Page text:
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Defense mechanisms against grazing: a study of trypsin inhibitor responses to simulated grazing by the sedge Carex bigelowii
Stockholm University, Faculty of Science, Department of Botany.
Stockholm University, Faculty of Science, Department of Botany.
2007 (English)In: Oikos, ISSN 0030-1299, E-ISSN 1600-0706, Vol. 116, no 9, 1540-1546 p.Article in journal (Refereed) Published
Abstract [en]

Trypsin inhibitors have been suggested to constitute an inducible defense in the sedge Carex bigelowii, and some former studies suggest that this might be a cause for the cyclic population dynamics in many alpine and arctic small mammals, for example lemmings (Lemmus lemmus). We investigated this further by using a method of simulated grazing (clipping) at different intensities, in three different habitats with varying resource availability, with different harvest times (hours after clipping), and two different stages of ramets (reproductive/vegetative) in a study from the Swedish mountain range. Our results do not indicate that C. bigelowii has an inducible defense constituted by an increase in trypsin inhibitor activity (TIA), but rather that the amount of soluble plant proteins (SPP) is lowered in wounded plants. The responses were somewhat different in the three habitats, with ramets growing in the marsh showing the highest ratio of TIA to SPP, due to low amounts of SPP. We did not find any significant effects of harvest time, or of the stage of the ramet that could support the hypothesis of an inducible defense. To conclude, we could not find any evidence for an inducible defense consisting of trypsin inhibitors in Carex bigelowii ramets, but we did find variations in the amount of SPP that may have nutritional consequences for herbivores.

Place, publisher, year, edition, pages
2007. Vol. 116, no 9, 1540-1546 p.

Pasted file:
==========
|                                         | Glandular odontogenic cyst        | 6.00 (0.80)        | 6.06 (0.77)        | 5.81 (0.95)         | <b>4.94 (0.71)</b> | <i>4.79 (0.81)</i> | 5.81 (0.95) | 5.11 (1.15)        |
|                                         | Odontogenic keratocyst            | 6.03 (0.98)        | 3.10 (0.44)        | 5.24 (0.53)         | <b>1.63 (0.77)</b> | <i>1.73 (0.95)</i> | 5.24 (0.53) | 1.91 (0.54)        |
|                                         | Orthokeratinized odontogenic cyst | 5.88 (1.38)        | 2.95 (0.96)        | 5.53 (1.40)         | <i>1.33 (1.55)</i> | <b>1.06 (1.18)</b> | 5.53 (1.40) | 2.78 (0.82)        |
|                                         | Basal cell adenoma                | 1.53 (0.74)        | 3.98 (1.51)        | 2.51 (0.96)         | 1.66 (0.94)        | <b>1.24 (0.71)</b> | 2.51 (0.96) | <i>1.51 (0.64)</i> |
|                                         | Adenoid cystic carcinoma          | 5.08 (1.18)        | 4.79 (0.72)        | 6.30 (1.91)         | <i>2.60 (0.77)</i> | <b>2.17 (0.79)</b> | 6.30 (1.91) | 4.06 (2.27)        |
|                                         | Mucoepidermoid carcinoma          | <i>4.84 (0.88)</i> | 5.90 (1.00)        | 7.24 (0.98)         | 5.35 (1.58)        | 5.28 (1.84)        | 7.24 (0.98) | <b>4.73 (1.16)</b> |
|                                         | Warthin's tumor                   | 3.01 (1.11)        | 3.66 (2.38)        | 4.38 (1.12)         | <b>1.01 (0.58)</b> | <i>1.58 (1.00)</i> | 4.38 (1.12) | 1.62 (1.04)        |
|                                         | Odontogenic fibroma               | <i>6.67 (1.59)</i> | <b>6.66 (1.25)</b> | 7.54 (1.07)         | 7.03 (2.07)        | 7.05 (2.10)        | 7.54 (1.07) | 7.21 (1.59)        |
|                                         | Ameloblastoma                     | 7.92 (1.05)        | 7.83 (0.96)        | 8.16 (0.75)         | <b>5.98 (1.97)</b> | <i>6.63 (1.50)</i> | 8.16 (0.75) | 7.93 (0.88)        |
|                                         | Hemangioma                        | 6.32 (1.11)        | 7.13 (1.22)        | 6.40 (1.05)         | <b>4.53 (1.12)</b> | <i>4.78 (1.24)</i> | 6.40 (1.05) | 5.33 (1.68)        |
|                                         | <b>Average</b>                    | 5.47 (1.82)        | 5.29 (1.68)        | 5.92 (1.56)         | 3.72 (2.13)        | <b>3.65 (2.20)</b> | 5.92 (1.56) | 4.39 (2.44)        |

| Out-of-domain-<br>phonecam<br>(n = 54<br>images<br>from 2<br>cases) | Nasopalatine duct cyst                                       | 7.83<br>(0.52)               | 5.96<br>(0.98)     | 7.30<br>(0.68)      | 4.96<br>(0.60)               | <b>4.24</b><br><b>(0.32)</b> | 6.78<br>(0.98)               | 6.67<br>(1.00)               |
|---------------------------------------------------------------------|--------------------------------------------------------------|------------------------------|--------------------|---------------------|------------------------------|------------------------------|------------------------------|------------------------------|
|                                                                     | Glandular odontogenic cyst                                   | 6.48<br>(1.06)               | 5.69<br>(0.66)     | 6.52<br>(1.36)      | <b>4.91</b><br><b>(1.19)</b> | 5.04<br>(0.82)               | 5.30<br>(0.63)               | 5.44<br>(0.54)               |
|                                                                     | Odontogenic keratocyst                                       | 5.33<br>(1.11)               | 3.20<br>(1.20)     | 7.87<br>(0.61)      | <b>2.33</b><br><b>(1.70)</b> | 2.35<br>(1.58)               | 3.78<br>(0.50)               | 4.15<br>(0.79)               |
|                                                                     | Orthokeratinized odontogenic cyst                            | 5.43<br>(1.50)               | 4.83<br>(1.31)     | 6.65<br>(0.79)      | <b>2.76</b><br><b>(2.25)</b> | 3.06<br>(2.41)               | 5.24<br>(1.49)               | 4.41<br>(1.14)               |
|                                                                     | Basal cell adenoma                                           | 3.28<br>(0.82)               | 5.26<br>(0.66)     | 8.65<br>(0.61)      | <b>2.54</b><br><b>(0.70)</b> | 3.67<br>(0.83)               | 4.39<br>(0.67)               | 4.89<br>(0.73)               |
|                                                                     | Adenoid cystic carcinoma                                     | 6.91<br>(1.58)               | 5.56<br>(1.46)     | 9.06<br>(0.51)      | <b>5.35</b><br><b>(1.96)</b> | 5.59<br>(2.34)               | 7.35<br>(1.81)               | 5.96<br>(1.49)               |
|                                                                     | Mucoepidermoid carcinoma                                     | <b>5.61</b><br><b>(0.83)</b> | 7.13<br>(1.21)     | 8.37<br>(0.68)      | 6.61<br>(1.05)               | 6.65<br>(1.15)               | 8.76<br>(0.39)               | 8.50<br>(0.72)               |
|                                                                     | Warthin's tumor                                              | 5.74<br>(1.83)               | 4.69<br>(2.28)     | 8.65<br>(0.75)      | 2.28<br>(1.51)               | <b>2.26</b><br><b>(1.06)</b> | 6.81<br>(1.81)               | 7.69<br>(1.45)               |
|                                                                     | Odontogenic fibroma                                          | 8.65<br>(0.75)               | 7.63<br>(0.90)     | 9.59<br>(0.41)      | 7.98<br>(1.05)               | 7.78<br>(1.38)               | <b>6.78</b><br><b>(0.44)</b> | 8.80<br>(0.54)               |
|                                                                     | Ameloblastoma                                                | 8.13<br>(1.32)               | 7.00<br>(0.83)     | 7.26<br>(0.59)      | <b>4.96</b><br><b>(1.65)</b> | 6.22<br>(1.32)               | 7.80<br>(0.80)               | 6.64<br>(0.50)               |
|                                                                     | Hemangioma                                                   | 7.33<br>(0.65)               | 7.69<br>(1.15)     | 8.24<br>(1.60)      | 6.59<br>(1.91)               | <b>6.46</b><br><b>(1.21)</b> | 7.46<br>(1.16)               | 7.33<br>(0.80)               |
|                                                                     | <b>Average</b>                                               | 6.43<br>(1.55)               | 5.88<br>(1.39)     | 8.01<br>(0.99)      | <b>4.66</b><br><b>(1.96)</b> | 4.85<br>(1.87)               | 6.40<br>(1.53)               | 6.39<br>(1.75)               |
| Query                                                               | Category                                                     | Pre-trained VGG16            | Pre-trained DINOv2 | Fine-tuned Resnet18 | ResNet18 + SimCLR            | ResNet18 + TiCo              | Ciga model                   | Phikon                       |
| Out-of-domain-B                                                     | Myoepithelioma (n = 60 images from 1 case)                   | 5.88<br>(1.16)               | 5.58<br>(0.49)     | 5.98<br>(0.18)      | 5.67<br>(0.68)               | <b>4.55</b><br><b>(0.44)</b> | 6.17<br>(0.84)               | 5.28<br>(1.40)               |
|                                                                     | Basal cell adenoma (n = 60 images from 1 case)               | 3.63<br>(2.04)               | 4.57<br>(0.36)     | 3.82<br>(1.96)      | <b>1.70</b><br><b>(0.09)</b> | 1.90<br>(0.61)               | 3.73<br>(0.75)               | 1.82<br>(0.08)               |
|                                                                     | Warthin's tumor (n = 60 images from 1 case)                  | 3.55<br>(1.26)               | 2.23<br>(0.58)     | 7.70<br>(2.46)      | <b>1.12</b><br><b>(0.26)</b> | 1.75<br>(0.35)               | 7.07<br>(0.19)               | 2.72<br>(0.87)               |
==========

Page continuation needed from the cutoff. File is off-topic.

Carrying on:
National Category
Biological Sciences
Identifiers
URN: urn:nbn:se:su:diva-24188DOI: 10.1111/j.0030-1299.2007.15481.xOAI: oai:DiVA.org:su-24188DiVA: diva2:196972
Available from: 2007-03-29 Created: 2007-03-27 Last updated: 2017-12-13Bibliographically approved
In thesis
1. Effects of herbivory on arctic and alpine vegetation
Open this publication in new window or tab >>Effects of herbivory on arctic and alpine vegetation
2007 (English)Doctoral thesis, comprehensive summary (Other academic)
Abstract [en]

The distribution of plant species and functional traits in alpine and arctic environments are determined by abiotic conditions, but also by biotic interactions. In this thesis, I investigate interactions among plants and herbivory effects on plant community composition and plant functional traits in three different regions: Swedish Lapland, Beringia (USA/Russia) and Finnmark (Norway). Reindeer grazing was found to be extensive in southern Lapland and had limited effects on plant community composition and seedling germination. However, reindeer presence was found to influence plant functional traits, particularly in the subalpine birch forest. Tall herbs were lower and had lower SLA when reindeer were present, while small herbs showed an opposite pattern. The contrasting effects on the two herb groups are probably explained by a competitive release for small herbs when the tall herbs are suppressed by reindeer. Rodents had the largest relative impact on plant community composition in southern Lapland and this is consistent with the study from Finnmark, where rodents heavily affected dwarf shrubs on predator-free islands. With no predators present, vole densities increased profoundly and almost depleted some dwarf shrub species. These results support the idea that small mammals in arctic and alpine tundra are controlled by predators (i.e. top-down). However, a decrease in the nutritional quality in a sedge after defoliation gives support for the idea that small mammals are regulated by plant quality (i.e. bottom-up). In Beringia, small and large herbivores differed in the relation to plant community composition, since large herbivores were related to species richness and small herbivores were related to plant abundance. Plant functional traits were related only to large herbivores and standing crop of vascular plants.

Place, publisher, year, edition, pages
Stockholm: Botaniska institutionen, 2007. 38 p.
Keyword
herbivory, reindeer, rodents, functional traits, plant species composition, arctic, alpine, tundra, seed limitation, Carex bigelowii
National Category
Biological Sciences
Research subject
Plant Ecology
Identifiers
urn:nbn:se:su:diva-6746 (URN)91-7155-396-7 (ISBN)
Public defence
2007-04-20, föreläsningssalen, Botanicum, Lilla Frescativägen 5, Stockholm, 10:00
Opponent
Supervisors
Available from: 2007-03-29 Created: 2007-03-27Bibliographically approved

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